Back in October of 2008 when he spoke at a rally at UC Davis he lamented the declining public support for higher education in California.
“In 1990, the state, the economy of California, the people of California supported the University of California students to a tune of $15,000 per student. Last year, the people of California, the economy, the seventh largest economy in the world, supported the students at the University of California at a rate of $10,000 per student. A full one-third decrease in the support that the people of California provided to the students who will be the future economy.”
He called that a “stupid economic policy.”
“Starve the education system and you will starve the future of California.”
And in that way had he done anything but fight for a different path, he would have been untrue to his own words. At that time, he was lamenting the fall budget deal where the legislature and governor refused to raise any sorts of taxes except for a tax on students.
“The taxes that were increased in this budget were minuscule except for one… The single biggest tax increase was a tax on students. It is called a fee indirectly because it is nothing but a very direct tax on students.”
Mr. Garamendi has never been able to translate his vast ideas and willingness to fight for those ideas into an effective statewide campaign. His campaign for Governor languished with the inability to raise the necessary funds as others such as Attorney General and past Governor Jerry Brown amassed a huge war chest, Mr. Garamendi’s efforts never really seemed to get off the ground. But on Thursday, we saw a glimpse of Mr. Garamendi the fighter who would not back down in the face of near certain defeat. He was not only saying no to the President’s proposal, but he came forward with an alternative proposal himself.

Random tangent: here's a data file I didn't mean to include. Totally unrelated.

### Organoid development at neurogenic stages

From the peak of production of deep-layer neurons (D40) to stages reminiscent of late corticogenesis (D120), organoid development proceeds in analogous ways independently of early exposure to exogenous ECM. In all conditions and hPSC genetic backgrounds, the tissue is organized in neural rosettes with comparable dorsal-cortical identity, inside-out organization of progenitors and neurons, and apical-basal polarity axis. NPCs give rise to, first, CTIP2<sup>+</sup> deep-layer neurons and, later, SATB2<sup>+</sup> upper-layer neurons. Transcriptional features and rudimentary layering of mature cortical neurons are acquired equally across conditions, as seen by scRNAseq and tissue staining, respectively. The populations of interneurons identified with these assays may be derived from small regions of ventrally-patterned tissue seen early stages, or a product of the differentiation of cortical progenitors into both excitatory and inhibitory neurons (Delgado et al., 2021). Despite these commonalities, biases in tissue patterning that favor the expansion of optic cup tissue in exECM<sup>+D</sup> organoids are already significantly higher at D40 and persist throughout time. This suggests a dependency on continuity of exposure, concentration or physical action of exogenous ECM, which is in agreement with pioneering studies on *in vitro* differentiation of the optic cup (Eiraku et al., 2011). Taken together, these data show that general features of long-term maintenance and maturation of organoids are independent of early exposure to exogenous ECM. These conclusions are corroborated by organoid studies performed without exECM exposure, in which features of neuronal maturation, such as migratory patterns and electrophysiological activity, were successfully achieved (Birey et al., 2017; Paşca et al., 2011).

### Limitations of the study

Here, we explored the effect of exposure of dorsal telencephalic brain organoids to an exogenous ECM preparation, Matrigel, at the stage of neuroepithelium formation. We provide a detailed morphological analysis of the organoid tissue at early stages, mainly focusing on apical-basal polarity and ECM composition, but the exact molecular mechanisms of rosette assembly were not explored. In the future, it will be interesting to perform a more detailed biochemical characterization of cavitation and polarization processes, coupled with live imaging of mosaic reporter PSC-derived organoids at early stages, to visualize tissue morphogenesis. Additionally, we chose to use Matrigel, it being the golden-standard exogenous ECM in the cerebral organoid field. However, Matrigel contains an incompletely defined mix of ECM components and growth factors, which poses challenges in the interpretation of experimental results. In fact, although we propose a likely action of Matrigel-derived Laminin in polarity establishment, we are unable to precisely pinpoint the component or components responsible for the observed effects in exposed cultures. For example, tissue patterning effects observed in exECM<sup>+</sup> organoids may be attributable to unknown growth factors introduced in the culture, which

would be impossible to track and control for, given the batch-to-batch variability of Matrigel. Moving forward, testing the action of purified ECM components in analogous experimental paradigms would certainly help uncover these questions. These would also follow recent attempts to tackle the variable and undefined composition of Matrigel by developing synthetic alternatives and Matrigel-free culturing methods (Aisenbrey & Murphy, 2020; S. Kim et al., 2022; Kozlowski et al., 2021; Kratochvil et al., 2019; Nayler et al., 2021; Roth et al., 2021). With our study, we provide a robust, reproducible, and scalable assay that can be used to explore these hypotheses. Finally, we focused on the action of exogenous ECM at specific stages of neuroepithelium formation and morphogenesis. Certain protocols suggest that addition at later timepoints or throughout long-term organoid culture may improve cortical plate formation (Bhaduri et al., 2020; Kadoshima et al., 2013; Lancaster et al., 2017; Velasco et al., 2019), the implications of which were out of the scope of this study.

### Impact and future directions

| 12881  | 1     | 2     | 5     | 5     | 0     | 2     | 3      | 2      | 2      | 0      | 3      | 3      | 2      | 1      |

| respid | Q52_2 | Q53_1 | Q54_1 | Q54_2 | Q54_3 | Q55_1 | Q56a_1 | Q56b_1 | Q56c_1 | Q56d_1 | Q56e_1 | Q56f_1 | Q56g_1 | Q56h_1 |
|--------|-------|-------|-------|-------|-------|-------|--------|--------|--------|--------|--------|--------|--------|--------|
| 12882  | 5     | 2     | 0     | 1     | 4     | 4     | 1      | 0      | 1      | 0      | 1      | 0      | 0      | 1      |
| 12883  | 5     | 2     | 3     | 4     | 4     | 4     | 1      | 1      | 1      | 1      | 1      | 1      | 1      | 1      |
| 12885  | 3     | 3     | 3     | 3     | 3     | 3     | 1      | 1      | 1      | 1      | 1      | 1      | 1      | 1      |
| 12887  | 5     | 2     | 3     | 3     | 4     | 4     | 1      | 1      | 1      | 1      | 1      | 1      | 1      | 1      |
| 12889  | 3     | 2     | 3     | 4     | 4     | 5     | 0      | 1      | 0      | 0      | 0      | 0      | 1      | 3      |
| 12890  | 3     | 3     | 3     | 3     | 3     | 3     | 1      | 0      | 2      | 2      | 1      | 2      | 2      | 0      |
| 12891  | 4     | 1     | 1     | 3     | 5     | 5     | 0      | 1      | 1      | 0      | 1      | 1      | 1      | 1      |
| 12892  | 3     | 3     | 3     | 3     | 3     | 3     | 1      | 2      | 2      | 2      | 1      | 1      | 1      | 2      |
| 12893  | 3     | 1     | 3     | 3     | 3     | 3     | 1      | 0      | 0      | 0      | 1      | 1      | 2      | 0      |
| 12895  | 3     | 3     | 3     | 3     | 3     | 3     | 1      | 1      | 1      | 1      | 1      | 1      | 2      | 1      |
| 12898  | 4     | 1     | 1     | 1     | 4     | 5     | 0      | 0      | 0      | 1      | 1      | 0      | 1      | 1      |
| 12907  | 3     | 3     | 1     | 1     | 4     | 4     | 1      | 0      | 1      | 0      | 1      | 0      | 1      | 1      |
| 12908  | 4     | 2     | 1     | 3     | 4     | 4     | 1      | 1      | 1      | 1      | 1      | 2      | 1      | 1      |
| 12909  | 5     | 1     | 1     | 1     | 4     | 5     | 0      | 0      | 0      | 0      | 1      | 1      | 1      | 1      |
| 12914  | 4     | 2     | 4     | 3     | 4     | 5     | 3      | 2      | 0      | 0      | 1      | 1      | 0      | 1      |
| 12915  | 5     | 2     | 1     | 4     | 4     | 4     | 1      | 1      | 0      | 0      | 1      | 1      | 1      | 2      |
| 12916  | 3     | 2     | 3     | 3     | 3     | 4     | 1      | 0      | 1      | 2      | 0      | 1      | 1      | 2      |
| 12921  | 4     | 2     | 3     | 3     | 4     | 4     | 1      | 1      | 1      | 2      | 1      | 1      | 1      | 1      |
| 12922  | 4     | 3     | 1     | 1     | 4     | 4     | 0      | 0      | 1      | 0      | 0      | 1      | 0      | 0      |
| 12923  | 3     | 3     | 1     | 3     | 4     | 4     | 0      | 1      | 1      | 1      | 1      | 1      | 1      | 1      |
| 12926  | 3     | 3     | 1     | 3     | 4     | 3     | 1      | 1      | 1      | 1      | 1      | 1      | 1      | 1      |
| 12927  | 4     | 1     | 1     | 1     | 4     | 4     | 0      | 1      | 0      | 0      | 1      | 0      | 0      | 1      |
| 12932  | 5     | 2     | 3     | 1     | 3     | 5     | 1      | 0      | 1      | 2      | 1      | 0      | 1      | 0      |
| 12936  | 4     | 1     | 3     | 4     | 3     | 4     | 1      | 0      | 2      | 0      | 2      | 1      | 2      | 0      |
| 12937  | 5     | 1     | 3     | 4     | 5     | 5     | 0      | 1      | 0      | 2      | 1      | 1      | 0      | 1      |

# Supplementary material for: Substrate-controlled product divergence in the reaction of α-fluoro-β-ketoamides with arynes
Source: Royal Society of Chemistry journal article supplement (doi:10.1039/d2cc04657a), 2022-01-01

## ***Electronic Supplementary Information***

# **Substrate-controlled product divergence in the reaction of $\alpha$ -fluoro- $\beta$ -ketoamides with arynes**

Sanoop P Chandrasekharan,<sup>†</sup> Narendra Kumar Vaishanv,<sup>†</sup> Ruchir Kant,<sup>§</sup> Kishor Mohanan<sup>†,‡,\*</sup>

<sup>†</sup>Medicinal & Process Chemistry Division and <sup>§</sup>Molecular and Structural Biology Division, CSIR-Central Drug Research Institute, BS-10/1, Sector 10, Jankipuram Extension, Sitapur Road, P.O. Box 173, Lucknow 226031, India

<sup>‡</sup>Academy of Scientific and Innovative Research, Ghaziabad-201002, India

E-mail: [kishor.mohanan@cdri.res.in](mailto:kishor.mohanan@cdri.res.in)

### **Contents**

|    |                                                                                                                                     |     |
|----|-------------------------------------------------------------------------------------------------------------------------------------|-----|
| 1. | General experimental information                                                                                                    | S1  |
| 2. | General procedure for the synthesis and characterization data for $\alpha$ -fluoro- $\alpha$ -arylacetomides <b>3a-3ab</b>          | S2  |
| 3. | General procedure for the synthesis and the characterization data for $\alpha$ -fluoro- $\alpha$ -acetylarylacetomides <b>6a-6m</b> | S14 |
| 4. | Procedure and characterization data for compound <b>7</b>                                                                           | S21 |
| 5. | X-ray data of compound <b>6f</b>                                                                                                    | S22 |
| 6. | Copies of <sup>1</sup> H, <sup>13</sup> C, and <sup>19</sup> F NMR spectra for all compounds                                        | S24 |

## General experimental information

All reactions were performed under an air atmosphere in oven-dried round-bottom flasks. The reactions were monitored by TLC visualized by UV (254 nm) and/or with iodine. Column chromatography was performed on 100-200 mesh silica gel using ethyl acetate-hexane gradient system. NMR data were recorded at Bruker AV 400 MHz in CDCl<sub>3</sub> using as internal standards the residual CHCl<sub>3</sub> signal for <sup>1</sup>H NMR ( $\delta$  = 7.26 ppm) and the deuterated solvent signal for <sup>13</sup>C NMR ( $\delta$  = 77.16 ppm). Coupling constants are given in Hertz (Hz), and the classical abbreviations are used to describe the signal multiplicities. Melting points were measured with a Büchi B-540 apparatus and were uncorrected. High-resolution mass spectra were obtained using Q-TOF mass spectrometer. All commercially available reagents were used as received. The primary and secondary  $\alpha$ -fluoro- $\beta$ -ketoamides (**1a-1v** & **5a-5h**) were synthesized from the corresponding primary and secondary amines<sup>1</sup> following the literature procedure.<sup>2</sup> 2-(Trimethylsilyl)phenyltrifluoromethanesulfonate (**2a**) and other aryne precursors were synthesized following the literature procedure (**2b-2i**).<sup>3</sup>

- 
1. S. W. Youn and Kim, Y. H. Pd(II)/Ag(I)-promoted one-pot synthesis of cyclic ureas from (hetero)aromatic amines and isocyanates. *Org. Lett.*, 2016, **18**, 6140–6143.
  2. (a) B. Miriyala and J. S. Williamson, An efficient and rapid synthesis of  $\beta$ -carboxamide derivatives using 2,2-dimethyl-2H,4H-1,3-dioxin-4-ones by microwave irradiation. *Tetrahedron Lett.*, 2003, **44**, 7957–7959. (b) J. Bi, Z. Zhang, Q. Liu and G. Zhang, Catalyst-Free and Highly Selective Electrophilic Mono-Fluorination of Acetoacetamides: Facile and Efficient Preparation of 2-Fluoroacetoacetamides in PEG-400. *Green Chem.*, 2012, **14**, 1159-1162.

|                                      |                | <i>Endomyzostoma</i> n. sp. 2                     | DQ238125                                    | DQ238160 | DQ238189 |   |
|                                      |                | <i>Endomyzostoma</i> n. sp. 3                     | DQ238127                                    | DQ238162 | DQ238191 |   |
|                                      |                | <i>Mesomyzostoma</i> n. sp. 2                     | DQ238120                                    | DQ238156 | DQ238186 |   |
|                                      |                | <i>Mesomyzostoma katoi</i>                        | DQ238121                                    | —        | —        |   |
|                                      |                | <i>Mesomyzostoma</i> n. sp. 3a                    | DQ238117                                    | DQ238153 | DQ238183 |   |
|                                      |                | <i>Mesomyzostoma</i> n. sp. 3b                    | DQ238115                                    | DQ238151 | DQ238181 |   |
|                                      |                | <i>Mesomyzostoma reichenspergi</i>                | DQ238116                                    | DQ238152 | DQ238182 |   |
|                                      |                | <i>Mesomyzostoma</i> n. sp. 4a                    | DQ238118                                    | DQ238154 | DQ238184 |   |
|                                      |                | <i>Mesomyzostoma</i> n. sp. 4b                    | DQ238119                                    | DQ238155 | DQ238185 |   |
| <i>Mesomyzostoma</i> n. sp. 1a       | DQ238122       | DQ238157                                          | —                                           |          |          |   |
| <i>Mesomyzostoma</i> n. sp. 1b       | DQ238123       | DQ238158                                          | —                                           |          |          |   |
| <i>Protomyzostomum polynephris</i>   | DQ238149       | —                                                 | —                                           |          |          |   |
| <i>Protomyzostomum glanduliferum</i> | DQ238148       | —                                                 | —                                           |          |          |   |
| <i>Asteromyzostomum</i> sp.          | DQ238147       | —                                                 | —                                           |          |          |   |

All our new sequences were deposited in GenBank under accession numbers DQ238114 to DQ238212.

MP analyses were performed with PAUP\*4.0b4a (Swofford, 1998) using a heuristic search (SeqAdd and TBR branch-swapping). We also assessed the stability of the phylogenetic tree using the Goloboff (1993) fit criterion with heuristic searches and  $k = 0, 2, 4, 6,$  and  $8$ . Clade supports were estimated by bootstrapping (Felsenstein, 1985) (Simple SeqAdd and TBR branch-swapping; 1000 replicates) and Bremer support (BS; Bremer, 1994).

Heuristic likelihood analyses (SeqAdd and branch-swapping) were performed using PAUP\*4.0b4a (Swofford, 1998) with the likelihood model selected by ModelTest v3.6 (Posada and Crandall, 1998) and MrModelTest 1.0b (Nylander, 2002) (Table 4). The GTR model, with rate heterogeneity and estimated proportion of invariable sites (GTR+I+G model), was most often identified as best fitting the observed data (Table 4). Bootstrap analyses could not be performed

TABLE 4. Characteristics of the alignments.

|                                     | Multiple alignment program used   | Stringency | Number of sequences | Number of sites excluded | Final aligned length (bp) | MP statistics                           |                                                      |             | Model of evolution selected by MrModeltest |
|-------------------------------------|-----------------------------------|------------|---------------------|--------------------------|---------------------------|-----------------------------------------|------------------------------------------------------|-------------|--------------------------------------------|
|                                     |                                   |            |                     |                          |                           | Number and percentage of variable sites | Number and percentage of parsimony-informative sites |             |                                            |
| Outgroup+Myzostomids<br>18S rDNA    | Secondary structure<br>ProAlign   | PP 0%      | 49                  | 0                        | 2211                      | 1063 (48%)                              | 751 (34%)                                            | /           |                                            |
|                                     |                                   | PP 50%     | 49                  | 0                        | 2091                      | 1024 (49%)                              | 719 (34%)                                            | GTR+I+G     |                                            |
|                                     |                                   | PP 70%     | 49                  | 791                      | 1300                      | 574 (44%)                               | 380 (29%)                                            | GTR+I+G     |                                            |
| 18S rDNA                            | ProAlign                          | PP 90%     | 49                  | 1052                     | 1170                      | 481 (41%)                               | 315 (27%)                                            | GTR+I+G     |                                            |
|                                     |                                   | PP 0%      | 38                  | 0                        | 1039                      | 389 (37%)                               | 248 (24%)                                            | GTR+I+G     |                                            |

We can of course argue if it could have worked. But at some point we need to stop taking money from education. We have taken billions of dollars from education this year. That is an investment in the future of this state. That is an investment in the future of this workforce. And for the last twenty years we have allowed that investment to slip.
The legislature and the Governor have a deal in place for a budget except for one thing–what to do about education. Last night they announced they have a tentative deal which would pay schools an extra $9.5 billion in future years without permanently changing the state constitution. Democrats are now predicting that they can have a final budget agreement by Sunday.
At some point we are going to pay a huge price for failing to invest money education. Keep in mind it costs less than $10,000 per year to educate a child but nearly $50,000 per year to put someone in jail. Given the fact that the failure to educate a child will lead them to a much greater likelihood of seeing the inside of a jail cell, it would seem cost effective to do everything possible to educate them to help them avoid such a plight.
Everyone recognizes the severity of the current budget situation and the economic downturn. The question is how best to solve that problem and from my standpoint we have put far too much of the burden on children and education. It is fortunate that we have leaders such as Mr. Garamendi to remind us that there is another path if we are willing to take the risks to take it. Unfortunately no one was willing to follow the lead of the Lt. Governor this week, but perhaps he can re-kindle that debate.
—David M. Greenwald reporting